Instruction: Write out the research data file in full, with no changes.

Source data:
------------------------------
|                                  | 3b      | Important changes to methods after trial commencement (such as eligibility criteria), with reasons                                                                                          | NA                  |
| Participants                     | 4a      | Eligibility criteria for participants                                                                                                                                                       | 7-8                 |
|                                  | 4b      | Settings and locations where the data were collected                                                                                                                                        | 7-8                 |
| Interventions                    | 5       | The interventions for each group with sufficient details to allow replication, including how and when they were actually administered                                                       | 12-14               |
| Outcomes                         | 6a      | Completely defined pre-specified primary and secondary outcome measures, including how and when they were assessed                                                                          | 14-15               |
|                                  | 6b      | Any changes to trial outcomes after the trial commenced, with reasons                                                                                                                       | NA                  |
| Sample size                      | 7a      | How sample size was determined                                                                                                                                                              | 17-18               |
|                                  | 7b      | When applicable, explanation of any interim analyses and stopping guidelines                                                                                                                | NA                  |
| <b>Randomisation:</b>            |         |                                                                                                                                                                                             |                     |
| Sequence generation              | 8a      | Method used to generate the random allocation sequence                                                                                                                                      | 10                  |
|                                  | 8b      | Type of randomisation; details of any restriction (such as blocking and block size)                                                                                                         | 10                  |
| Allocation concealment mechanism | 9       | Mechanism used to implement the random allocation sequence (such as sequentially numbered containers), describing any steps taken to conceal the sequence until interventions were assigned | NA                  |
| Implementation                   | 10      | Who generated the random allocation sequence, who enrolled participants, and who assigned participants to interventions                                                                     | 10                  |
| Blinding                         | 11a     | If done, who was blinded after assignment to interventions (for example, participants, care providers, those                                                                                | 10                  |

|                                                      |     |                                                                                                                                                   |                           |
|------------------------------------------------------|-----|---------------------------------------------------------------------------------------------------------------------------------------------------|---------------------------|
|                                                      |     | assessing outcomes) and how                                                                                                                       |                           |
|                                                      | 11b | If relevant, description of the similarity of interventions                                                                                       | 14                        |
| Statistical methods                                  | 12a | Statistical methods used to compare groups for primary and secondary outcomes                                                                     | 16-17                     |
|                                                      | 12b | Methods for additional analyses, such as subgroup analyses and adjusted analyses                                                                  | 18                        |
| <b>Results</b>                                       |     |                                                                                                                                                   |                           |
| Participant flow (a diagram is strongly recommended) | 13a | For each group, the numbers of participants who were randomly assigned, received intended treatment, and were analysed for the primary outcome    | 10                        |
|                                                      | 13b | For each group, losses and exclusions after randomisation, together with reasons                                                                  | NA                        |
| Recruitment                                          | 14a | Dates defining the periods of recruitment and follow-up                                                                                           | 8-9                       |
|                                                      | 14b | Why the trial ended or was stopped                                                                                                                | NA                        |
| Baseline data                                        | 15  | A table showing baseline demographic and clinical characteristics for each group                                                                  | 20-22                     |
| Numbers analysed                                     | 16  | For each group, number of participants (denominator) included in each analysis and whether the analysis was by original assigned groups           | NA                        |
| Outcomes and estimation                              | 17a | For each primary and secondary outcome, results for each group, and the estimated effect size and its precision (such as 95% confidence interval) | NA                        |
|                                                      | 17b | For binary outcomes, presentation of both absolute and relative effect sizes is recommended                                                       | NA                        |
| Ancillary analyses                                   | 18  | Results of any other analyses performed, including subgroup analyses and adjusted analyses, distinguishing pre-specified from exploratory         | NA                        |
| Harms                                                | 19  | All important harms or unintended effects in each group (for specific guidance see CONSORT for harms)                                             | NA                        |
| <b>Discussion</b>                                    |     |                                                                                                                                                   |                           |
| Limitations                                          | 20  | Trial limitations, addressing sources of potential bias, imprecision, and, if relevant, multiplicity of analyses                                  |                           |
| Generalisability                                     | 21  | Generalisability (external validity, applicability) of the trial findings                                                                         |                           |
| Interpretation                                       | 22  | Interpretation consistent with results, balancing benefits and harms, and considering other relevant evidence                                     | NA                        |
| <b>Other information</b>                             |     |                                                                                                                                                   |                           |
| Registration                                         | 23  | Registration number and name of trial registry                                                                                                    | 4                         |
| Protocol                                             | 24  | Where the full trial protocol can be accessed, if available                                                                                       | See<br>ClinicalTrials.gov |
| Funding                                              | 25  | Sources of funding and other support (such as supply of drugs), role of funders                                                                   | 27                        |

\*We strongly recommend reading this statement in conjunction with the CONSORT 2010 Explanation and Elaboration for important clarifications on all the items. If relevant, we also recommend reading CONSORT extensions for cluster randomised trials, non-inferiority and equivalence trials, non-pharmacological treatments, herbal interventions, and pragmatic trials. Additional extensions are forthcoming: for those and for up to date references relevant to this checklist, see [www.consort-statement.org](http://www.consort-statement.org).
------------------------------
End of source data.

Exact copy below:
|                                  | 3b      | Important changes to methods after trial commencement (such as eligibility criteria), with reasons                                                                                          | NA                  |
| Participants                     | 4a      | Eligibility criteria for participants                                                                                                                                                       | 7-8                 |
|                                  | 4b      | Settings and locations where the data were collected                                                                                                                                        | 7-8                 |
| Interventions                    | 5       | The interventions for each group with sufficient details to allow replication, including how and when they were actually administered                                                       | 12-14               |
| Outcomes                         | 6a      | Completely defined pre-specified primary and secondary outcome measures, including how and when they were assessed                                                                          | 14-15               |
|                                  | 6b      | Any changes to trial outcomes after the trial commenced, with reasons                                                                                                                       | NA                  |
| Sample size                      | 7a      | How sample size was determined                                                                                                                                                              | 17-18               |
|                                  | 7b      | When applicable, explanation of any interim analyses and stopping guidelines                                                                                                                | NA                  |
| <b>Randomisation:</b>            |         |                                                                                                                                                                                             |                     |
| Sequence generation              | 8a      | Method used to generate the random allocation sequence                                                                                                                                      | 10                  |
|                                  | 8b      | Type of randomisation; details of any restriction (such as blocking and block size)                                                                                                         | 10                  |
| Allocation concealment mechanism | 9       | Mechanism used to implement the random allocation sequence (such as sequentially numbered containers), describing any steps taken to conceal the sequence until interventions were assigned | NA                  |
| Implementation                   | 10      | Who generated the random allocation sequence, who enrolled participants, and who assigned participants to interventions                                                                     | 10                  |
| Blinding                         | 11a     | If done, who was blinded after assignment to interventions (for example, participants, care providers, those                                                                                | 10                  |

|                                                      |     |                                                                                                                                                   |                           |
|------------------------------------------------------|-----|---------------------------------------------------------------------------------------------------------------------------------------------------|---------------------------|
|                                                      |     | assessing outcomes) and how                                                                                                                       |                           |
|                                                      | 11b | If relevant, description of the similarity of interventions                                                                                       | 14                        |
| Statistical methods                                  | 12a | Statistical methods used to compare groups for primary and secondary outcomes                                                                     | 16-17                     |
|                                                      | 12b | Methods for additional analyses, such as subgroup analyses and adjusted analyses                                                                  | 18                        |
| <b>Results</b>                                       |     |                                                                                                                                                   |                           |
| Participant flow (a diagram is strongly recommended) | 13a | For each group, the numbers of participants who were randomly assigned, received intended treatment, and were analysed for the primary outcome    | 10                        |
|                                                      | 13b | For each group, losses and exclusions after randomisation, together with reasons                                                                  | NA                        |
| Recruitment                                          | 14a | Dates defining the periods of recruitment and follow-up                                                                                           | 8-9                       |
|                                                      | 14b | Why the trial ended or was stopped                                                                                                                | NA                        |
| Baseline data                                        | 15  | A table showing baseline demographic and clinical characteristics for each group                                                                  | 20-22                     |
| Numbers analysed                                     | 16  | For each group, number of participants (denominator) included in each analysis and whether the analysis was by original assigned groups           | NA                        |
| Outcomes and estimation                              | 17a | For each primary and secondary outcome, results for each group, and the estimated effect size and its precision (such as 95% confidence interval) | NA                        |
|                                                      | 17b | For binary outcomes, presentation of both absolute and relative effect sizes is recommended                                                       | NA                        |
| Ancillary analyses                                   | 18  | Results of any other analyses performed, including subgroup analyses and adjusted analyses, distinguishing pre-specified from exploratory         | NA                        |
| Harms                                                | 19  | All important harms or unintended effects in each group (for specific guidance see CONSORT for harms)                                             | NA                        |
| <b>Discussion</b>                                    |     |                                                                                                                                                   |                           |
| Limitations                                          | 20  | Trial limitations, addressing sources of potential bias, imprecision, and, if relevant, multiplicity of analyses                                  |                           |
| Generalisability                                     | 21  | Generalisability (external validity, applicability) of the trial findings                                                                         |                           |
| Interpretation                                       | 22  | Interpretation consistent with results, balancing benefits and harms, and considering other relevant evidence                                     | NA                        |
| <b>Other information</b>                             |     |                                                                                                                                                   |                           |
| Registration                                         | 23  | Registration number and name of trial registry                                                                                                    | 4                         |
| Protocol                                             | 24  | Where the full trial protocol can be accessed, if available                                                                                       | See<br>ClinicalTrials.gov |
| Funding                                              | 25  | Sources of funding and other support (such as supply of drugs), role of funders                                                                   | 27                        |

\*We strongly recommend reading this statement in conjunction with the CONSORT 2010 Explanation and Elaboration for important clarifications on all the items. If relevant, we also recommend reading CONSORT extensions for cluster randomised trials, non-inferiority and equivalence trials, non-pharmacological treatments, herbal interventions, and pragmatic trials. Additional extensions are forthcoming: for those and for up to date references relevant to this checklist, see [www.consort-statement.org](http://www.consort-statement.org).